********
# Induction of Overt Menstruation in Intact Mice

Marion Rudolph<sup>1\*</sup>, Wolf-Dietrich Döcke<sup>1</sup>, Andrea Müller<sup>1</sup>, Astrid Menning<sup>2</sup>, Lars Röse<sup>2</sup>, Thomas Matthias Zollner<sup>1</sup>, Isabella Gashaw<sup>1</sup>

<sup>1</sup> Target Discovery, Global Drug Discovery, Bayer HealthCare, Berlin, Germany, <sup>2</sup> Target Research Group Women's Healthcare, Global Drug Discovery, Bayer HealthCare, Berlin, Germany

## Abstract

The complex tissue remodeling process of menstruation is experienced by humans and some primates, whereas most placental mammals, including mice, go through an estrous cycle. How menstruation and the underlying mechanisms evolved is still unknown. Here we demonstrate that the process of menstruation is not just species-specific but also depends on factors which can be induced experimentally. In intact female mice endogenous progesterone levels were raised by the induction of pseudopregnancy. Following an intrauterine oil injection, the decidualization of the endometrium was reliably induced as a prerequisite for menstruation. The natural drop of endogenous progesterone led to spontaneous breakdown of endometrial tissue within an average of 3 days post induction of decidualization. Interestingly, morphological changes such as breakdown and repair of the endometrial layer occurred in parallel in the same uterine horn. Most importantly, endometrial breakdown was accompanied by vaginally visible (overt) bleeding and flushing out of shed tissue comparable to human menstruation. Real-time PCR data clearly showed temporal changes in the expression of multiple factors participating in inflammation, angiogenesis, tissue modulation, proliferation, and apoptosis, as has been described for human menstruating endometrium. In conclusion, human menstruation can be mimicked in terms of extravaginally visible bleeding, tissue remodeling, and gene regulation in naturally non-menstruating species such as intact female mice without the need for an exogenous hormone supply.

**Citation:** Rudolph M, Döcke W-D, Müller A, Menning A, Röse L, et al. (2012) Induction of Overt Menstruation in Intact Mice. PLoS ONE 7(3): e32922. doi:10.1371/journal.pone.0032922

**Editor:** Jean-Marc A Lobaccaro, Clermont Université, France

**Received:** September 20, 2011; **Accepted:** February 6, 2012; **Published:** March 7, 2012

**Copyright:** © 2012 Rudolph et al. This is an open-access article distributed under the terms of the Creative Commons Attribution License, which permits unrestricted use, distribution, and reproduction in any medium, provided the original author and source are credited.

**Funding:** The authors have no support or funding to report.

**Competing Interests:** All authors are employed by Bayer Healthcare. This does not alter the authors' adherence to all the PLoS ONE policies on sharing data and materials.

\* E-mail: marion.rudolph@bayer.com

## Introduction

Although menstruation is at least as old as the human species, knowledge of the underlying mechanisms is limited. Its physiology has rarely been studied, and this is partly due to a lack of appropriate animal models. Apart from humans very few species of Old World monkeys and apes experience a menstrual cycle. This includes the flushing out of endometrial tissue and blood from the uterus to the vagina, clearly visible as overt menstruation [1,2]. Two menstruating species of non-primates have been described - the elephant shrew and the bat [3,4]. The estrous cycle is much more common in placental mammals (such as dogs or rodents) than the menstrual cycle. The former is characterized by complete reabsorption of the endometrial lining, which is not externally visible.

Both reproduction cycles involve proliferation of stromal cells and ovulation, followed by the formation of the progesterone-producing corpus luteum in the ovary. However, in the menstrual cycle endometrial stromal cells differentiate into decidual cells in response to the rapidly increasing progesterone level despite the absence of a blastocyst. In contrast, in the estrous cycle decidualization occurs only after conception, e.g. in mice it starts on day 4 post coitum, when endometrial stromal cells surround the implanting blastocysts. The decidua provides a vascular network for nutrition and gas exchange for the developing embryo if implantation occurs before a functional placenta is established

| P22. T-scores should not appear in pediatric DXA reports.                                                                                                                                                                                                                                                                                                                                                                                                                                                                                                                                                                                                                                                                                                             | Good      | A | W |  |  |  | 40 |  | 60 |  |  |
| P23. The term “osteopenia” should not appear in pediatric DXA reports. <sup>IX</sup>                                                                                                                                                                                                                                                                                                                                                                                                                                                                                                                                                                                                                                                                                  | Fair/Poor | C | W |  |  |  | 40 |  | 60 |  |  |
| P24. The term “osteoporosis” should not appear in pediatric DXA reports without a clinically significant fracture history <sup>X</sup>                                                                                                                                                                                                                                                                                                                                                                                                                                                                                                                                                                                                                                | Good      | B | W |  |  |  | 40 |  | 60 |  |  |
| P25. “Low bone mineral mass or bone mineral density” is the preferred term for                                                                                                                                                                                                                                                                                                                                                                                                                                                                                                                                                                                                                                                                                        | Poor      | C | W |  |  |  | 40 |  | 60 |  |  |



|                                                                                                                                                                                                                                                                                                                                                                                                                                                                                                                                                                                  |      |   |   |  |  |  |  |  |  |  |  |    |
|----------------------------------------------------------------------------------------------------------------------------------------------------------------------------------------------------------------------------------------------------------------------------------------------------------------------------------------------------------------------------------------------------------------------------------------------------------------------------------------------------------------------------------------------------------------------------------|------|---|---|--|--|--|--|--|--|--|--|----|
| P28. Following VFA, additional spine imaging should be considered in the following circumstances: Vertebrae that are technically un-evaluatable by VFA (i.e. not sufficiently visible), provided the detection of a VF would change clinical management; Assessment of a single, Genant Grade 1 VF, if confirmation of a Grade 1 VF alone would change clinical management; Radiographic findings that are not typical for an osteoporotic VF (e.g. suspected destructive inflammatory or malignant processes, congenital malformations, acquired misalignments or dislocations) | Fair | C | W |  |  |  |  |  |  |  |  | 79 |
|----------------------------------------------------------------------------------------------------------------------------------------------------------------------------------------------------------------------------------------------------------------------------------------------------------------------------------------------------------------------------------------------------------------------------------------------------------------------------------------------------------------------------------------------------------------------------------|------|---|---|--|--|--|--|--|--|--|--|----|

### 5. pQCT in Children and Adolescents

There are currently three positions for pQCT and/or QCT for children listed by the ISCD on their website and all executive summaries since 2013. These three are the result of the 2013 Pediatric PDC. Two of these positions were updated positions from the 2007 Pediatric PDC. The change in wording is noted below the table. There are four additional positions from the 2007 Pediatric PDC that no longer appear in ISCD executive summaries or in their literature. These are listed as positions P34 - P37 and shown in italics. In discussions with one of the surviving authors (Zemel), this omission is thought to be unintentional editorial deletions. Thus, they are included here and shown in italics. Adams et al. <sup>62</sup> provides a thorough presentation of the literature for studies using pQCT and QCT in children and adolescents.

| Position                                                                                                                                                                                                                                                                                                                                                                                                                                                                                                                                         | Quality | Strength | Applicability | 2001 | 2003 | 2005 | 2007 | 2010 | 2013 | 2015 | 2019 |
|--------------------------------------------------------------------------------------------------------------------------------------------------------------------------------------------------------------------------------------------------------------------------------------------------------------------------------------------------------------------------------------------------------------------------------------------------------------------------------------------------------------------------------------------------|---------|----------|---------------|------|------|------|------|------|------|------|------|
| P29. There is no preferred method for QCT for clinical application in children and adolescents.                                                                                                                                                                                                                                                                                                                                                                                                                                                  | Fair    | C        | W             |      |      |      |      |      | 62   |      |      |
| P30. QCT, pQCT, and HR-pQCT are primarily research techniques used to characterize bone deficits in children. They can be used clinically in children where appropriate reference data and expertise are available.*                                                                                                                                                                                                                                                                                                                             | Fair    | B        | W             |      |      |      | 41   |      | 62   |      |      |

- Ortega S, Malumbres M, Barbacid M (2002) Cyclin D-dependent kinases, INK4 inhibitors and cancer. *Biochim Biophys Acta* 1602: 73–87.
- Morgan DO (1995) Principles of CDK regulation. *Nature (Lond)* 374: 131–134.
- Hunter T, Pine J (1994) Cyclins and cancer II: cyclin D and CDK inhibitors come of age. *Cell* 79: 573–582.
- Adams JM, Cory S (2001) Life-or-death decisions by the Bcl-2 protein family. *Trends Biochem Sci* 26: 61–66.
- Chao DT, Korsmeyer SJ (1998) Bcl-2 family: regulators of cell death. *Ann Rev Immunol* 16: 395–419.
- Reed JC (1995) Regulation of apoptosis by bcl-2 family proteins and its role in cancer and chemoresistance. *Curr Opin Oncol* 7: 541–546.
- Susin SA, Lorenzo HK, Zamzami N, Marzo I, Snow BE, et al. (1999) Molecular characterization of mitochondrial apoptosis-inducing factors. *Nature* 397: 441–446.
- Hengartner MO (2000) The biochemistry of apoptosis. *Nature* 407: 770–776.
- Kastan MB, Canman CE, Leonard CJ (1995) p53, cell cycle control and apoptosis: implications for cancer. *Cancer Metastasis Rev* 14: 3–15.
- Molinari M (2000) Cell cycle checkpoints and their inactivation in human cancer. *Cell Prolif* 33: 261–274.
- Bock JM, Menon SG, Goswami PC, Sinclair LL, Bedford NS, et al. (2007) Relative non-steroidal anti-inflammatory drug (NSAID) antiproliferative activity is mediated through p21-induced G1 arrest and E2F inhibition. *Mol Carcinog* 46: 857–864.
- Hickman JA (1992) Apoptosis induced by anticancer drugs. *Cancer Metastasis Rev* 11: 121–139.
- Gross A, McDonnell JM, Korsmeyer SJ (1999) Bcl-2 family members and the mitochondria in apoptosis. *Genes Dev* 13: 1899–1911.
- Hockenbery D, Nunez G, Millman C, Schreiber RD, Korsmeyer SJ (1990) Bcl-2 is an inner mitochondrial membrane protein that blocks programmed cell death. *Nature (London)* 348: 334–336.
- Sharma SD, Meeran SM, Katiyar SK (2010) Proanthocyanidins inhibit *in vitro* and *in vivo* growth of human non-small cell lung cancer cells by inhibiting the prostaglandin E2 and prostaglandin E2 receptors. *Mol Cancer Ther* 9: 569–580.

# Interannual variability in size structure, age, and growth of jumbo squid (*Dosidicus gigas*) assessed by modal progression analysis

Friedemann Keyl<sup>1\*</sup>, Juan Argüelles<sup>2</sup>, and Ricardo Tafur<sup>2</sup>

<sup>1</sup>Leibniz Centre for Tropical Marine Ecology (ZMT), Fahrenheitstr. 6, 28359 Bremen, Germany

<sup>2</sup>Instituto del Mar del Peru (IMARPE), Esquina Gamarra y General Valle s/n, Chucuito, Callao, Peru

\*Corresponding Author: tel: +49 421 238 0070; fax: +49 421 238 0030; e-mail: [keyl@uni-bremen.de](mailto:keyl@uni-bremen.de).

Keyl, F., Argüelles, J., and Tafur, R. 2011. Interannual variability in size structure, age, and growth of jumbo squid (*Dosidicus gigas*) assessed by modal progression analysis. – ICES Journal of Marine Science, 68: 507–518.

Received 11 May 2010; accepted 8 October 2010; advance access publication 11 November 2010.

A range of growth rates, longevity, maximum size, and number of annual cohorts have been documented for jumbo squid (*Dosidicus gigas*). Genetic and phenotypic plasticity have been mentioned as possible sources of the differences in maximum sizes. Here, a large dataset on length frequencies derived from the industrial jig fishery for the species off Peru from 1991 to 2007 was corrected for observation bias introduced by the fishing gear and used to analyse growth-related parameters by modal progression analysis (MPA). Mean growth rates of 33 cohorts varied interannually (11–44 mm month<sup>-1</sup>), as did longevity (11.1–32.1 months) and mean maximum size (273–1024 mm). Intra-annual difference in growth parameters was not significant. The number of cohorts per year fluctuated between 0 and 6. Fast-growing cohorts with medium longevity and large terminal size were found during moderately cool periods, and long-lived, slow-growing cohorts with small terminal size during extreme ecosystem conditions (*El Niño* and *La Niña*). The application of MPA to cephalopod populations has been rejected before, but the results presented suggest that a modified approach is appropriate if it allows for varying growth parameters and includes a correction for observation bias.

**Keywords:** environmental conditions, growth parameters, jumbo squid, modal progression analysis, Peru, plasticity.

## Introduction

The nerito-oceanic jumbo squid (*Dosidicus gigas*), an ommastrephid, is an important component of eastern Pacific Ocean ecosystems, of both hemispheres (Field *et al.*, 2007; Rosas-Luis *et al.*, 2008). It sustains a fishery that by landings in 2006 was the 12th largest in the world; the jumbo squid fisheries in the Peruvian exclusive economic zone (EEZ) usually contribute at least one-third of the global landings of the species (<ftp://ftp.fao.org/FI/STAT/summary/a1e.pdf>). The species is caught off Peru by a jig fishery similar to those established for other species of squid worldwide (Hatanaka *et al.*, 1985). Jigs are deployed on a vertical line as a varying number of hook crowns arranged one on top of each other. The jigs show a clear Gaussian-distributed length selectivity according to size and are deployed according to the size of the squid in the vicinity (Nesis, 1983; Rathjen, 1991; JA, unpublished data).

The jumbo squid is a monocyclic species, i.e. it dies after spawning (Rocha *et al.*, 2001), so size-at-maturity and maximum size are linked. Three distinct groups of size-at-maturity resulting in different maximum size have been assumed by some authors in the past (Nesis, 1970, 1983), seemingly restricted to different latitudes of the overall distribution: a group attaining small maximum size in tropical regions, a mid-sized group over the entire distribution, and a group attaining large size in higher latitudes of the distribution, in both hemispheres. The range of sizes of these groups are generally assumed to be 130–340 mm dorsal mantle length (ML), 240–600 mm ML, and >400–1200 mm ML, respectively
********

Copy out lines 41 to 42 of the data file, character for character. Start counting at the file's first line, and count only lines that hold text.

- Hickman JA (1992) Apoptosis induced by anticancer drugs. *Cancer Metastasis Rev* 11: 121–139.
- Gross A, McDonnell JM, Korsmeyer SJ (1999) Bcl-2 family members and the mitochondria in apoptosis. *Genes Dev* 13: 1899–1911.